JEFFERSON COUNTY, Colo. (CBS4)- The health impacts of those living miles away from a former nuclear weapons plant are being studied, more than 25 years after it closed down.
Earlier this week, thousands of homeowners reached a $375 million settlement over their claims that plutonium releases from Rocky Flats damaged their health and devalued their property.
A federal judge must approve the agreement before it officially ends the 26-year legal battle between the residents and two corporations that ran the plant for the federal government.
Rocky Flats manufactured plutonium triggers for nuclear warheads until it closed in 1989 because of safety and environmental concerns. It's the most prominent of Colorado's Cold War relics, which also included a nerve gas manufacturing site east of Denver.
"We used top ride horses back in those areas where it was not developed," said Tiffany Hansen.
Hansen grew up less than four miles away from Rocky Flats.
"We were outside all the time," said Hansen. "This is 3.75 miles exactly from where I live to the core of the most contaminated part of the plant which is known to be the most contaminated building in the country."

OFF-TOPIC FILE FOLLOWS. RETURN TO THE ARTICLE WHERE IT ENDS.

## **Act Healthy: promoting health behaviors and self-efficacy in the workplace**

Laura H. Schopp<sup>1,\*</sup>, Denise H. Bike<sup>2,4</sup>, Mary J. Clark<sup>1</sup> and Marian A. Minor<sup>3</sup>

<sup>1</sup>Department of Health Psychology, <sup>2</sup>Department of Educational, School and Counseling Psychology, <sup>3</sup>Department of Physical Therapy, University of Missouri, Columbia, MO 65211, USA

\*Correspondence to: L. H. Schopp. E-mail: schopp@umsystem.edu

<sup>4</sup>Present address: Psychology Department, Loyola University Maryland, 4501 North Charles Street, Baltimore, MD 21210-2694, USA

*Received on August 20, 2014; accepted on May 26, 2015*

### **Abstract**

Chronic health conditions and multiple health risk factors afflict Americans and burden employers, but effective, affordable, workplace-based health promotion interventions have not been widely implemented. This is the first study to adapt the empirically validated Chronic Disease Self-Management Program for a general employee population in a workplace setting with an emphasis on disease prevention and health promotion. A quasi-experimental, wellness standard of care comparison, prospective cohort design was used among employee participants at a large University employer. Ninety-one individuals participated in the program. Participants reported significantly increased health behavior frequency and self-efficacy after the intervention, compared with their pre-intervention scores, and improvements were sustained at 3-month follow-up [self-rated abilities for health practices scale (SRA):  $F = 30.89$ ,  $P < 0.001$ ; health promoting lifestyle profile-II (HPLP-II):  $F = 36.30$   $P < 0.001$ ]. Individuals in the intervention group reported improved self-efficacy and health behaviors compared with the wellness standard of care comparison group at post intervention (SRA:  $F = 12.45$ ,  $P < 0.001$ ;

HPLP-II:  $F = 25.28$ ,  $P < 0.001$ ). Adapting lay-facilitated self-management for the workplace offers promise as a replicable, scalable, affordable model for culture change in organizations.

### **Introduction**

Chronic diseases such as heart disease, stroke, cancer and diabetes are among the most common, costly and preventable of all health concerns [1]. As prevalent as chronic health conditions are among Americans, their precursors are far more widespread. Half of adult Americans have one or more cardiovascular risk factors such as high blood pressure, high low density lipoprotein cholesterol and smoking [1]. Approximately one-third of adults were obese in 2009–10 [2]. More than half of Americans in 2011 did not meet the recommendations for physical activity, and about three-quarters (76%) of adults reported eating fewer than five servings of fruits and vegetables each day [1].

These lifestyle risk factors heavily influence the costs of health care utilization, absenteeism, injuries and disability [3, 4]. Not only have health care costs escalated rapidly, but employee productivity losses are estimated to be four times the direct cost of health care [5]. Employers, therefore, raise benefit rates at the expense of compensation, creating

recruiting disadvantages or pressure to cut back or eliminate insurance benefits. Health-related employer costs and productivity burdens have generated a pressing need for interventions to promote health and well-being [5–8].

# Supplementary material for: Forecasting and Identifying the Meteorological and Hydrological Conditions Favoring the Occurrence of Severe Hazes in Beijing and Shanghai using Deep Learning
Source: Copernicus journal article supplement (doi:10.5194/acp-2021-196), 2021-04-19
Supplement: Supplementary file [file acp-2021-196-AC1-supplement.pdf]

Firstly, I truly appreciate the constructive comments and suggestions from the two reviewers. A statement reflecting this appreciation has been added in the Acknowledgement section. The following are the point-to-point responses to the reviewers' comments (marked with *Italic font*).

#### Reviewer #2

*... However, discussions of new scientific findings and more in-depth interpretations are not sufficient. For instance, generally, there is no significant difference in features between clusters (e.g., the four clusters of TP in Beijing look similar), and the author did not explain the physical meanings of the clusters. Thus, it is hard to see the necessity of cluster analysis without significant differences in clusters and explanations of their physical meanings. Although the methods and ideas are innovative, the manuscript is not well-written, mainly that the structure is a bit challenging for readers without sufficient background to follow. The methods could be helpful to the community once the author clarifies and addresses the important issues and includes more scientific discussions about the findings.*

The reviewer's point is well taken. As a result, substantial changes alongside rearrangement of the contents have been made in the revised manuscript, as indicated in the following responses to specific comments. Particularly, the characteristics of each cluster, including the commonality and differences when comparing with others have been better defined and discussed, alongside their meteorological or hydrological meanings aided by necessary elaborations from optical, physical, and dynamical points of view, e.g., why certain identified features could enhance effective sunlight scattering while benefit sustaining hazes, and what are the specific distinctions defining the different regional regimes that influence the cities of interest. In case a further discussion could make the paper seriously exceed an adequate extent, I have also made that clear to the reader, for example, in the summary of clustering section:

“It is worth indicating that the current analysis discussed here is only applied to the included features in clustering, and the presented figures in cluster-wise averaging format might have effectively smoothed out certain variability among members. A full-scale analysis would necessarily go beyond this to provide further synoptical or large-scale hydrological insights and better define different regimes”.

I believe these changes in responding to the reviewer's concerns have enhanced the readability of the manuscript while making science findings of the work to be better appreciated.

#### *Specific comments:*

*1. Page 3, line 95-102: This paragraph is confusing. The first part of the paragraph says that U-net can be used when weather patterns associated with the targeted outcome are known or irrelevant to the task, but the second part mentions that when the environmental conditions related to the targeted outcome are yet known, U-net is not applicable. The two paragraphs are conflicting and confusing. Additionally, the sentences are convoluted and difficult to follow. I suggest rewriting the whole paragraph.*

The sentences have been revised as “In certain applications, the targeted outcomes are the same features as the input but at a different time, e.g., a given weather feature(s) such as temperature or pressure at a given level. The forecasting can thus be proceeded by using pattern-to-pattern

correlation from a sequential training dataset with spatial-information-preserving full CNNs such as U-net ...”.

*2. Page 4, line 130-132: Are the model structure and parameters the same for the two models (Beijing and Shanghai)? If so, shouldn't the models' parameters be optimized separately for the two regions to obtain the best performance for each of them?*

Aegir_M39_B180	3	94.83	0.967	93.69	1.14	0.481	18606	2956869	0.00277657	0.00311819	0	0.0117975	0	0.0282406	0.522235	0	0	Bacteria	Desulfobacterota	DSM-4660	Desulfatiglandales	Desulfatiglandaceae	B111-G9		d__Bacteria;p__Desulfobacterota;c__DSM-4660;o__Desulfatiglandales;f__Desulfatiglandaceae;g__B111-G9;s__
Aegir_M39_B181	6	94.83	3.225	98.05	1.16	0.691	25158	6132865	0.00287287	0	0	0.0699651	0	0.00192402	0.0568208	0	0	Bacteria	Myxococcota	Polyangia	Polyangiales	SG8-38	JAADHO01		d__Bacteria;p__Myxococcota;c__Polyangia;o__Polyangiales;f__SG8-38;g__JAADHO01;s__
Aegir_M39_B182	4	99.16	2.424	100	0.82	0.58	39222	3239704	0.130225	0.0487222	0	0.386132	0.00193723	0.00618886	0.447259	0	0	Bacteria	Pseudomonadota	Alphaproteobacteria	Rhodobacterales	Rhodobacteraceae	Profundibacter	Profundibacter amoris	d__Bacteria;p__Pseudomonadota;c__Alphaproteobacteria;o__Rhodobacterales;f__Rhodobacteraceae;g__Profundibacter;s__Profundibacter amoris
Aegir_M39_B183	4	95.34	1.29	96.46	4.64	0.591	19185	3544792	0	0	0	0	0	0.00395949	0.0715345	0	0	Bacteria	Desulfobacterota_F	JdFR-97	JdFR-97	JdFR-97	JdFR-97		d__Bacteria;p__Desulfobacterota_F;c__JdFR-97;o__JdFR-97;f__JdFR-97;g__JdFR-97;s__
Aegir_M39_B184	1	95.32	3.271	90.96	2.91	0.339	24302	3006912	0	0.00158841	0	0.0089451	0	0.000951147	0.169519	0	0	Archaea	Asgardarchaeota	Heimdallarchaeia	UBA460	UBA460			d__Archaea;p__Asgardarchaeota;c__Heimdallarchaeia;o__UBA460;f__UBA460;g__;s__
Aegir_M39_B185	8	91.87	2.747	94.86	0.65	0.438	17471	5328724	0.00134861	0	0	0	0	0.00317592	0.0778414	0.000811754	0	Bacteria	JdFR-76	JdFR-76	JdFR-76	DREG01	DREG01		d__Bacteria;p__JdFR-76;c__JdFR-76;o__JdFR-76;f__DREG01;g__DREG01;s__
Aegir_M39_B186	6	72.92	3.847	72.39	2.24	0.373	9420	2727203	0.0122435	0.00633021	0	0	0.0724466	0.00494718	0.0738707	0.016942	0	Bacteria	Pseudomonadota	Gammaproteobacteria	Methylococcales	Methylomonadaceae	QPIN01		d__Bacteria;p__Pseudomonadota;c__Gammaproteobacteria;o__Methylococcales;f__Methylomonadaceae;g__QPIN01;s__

Until she started having her own health issues, Hansen never knew that growing up near Rocky Flats could have been the cause.
"I wanted to try and find and see other people that had similar experiences and coordinate and organize people," said Hansen.
The Rocky Flats Downwinders began a community survey designed to compile health impacts of those living in the area.
"I'm hoping to hear from anyone who lived here during the time of 1952 through 1992," said Hansen.
Hansen believes the publicity from the settlement between Rocky Flats and homeowners will spark more interest, "We think we can piggy back on that in terms of using the information that is going to be learned through the claimant process."
Metro State University of Denver, University of Colorado and Colorado State University professors will study the surveys and compile the data from the former residents.
"The concern is a lot of development has happened here and there's been no health surveys. We don't know what's going on with people who grew up here, with people I went to school with, how is their health now. If we don't know how are we making decisions to do further development when we haven't done the research," said Hansen.
To be eligible for the survey, residents must have lived in the area from the plant east to Interstate 25 during the years the plant was in operation.
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